31 May 2024

4 min read

Vol 4, 2024 | Strategic hurdles: The challenges of Israel’s Gaza objectives

Global Risk Bulletin
Israel, Palestine flags

More than seven months into Israel’s military campaign in the Gaza Strip, Tamsin Hunt examines Israel’s progress in achieving its stated objectives of dismantling Hamas’s leadership and combat capabilities.

On 7 October, in the aftermath of the Hamas attack on Israel, Prime Minister Benjamin Netanyahu vowed to destroy the organisation. On starting its ground offensive into the Gaza Strip that same month, Israel’s primary objective has been to destroy Hamas by demolishing the group’s political, military, and governance capabilities.

Despite these military successes, the complete neutralisation of Hamas remains an extremely challenging and potentially unattainable goal.

More than seven months into its campaign, the Israel Defense Forces (IDF) had, by its own estimates, killed up to half of Hamas fighters, disabled 19 out of 24 Hamas battalions, and destroyed large parts of Hamas’s underground tunnel network. Although the details are difficult to verify independently in the fog of war, these operational achievements suggest that Israel has significantly diminished Hamas’s combat capabilities and its ability to command its forces. Despite these military successes, the complete neutralisation of Hamas remains an extremely challenging and potentially unattainable goal.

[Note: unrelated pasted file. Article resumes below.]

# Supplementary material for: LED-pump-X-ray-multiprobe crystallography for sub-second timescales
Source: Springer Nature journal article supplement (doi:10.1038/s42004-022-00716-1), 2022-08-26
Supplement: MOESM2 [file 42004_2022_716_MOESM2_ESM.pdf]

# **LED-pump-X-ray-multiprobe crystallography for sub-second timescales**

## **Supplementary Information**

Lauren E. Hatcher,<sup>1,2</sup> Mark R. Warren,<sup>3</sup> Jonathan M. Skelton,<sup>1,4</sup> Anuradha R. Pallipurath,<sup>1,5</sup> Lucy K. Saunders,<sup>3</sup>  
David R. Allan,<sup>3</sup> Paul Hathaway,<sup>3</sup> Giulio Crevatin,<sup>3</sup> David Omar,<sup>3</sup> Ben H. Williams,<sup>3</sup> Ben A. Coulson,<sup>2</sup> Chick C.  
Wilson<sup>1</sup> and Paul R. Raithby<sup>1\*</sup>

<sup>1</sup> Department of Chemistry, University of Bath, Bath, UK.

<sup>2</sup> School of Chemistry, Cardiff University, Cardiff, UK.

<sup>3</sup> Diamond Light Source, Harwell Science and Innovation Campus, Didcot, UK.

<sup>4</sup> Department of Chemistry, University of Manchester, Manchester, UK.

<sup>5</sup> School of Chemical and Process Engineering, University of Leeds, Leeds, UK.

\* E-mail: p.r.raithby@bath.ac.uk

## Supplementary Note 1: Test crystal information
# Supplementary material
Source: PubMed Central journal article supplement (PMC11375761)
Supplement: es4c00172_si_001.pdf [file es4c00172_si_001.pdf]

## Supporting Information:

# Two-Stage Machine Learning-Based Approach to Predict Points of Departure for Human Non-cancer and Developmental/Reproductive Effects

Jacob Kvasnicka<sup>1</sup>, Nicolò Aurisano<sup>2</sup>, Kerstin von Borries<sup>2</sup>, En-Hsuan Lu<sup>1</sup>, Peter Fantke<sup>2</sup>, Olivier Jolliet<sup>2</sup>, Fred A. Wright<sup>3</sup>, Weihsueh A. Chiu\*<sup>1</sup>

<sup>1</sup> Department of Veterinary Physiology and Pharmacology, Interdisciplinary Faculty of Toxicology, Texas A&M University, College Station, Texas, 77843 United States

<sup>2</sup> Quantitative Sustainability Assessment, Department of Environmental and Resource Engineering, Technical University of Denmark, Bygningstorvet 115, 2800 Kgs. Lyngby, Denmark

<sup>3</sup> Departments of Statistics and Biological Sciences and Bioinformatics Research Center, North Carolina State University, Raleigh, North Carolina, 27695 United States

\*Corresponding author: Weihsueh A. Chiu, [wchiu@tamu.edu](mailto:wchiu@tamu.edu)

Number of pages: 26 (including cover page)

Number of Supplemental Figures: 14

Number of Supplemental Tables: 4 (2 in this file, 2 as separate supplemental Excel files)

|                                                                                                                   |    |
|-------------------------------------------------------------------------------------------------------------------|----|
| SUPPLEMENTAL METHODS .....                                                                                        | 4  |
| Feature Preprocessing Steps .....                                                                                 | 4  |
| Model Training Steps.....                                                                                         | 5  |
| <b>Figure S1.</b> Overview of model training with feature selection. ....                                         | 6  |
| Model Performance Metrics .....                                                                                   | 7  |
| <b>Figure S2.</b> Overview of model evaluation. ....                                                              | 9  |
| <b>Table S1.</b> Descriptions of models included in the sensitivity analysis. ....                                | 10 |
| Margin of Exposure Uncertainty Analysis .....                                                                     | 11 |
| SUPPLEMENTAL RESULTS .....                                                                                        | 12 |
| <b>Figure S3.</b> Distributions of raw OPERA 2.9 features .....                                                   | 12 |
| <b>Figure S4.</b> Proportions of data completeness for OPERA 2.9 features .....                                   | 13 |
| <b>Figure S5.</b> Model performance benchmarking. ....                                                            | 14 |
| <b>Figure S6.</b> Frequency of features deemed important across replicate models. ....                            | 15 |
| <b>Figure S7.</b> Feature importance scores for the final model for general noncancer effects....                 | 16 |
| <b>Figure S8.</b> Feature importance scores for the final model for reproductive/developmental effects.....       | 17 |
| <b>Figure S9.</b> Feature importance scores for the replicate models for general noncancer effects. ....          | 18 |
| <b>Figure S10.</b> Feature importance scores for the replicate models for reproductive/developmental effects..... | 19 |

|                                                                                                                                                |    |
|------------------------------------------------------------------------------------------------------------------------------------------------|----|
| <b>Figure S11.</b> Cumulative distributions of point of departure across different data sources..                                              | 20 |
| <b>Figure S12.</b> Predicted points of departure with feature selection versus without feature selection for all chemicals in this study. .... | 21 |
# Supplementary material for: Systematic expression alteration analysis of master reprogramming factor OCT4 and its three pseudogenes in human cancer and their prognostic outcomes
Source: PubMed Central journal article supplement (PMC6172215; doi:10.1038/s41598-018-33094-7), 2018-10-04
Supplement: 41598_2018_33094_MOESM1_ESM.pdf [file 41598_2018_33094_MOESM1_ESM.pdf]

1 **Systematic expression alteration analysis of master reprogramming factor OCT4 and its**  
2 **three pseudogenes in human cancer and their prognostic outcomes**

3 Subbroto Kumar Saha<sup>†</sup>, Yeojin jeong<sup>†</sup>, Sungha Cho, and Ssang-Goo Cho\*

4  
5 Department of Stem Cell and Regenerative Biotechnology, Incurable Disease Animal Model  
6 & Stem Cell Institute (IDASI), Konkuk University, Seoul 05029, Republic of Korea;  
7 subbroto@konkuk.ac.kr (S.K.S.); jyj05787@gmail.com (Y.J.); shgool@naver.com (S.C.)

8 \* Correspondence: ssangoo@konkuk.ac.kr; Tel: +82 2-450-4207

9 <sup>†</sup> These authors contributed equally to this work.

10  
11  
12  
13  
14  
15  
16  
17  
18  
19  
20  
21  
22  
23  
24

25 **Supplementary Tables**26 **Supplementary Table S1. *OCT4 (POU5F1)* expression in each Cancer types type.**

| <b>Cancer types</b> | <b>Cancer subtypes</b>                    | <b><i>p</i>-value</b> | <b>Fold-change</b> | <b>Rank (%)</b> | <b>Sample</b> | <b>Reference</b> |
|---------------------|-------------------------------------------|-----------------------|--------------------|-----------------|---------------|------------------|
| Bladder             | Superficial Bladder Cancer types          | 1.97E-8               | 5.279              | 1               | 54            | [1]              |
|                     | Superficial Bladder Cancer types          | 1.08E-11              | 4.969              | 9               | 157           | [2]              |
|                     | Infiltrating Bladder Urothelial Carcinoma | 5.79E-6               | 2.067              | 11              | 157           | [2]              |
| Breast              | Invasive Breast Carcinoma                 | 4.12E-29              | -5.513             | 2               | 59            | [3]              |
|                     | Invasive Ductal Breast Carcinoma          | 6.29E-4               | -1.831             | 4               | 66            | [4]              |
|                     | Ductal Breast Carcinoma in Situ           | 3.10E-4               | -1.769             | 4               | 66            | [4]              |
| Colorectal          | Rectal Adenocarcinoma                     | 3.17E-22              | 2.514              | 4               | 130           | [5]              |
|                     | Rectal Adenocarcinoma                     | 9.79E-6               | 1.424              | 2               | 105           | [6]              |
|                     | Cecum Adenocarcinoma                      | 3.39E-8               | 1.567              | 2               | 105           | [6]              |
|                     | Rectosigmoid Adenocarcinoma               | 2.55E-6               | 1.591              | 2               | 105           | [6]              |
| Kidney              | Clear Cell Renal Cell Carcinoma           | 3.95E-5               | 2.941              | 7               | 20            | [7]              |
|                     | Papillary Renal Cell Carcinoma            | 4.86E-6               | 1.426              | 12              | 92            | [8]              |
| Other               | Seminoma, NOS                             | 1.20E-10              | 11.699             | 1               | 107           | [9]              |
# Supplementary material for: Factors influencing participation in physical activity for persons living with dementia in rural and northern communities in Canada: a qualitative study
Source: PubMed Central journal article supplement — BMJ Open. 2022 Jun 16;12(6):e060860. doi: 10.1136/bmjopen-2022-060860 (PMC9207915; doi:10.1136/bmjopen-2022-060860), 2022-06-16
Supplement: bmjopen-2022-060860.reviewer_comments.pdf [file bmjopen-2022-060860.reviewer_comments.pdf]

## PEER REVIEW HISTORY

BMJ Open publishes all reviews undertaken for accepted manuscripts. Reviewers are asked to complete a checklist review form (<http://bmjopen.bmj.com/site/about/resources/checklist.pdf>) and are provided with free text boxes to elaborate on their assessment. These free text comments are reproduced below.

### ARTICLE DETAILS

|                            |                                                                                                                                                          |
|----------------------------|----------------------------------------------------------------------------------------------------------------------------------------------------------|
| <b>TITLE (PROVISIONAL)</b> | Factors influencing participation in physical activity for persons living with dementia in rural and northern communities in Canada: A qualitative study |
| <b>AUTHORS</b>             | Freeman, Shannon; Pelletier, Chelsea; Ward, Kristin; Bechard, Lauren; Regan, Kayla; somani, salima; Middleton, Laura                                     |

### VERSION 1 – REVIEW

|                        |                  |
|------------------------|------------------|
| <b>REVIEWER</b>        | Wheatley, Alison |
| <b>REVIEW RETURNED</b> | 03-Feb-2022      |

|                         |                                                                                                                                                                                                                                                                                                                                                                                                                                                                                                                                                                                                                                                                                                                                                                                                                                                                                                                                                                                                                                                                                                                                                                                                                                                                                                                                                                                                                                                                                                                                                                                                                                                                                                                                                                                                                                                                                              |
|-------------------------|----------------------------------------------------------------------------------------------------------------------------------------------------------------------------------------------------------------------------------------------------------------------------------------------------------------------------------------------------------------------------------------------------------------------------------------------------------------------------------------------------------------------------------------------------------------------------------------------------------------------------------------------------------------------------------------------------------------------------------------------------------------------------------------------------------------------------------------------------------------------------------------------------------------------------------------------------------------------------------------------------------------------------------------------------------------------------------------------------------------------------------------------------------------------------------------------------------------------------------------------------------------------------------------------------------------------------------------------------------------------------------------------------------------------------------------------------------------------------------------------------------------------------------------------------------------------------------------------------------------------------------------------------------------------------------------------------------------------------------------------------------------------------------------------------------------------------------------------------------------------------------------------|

Difficult to pin down

One metric in measuring Israel’s achievements against Hamas is its success in dismantling the group’s top leadership. Here, Israel continues to face challenges. Many of Hamas’s senior leaders are located outside the Gaza Strip, in Lebanon, Qatar and Turkey. While Israel has successfully eliminated at least one senior Hamas leader in Beirut – Deputy Chief Saleh Al Arouri, killed in a targeted airstrike in January 2024 – Israel is unlikely to attempt such an action in Qatar or Turkey, as it would lead to serious diplomatic tensions and greater regional escalation. In Gaza, Israel has succeeded in killing only one of the three Hamas commanders suspected of planning the 7 October attack – Marwan Issa. Yahya Sinwar, the Hamas leader in Gaza, and Mohammed Deif, the commander of Hamas’s military wing, Al Qassam Brigades, continue to shelter in Gaza’s vast network of tunnels.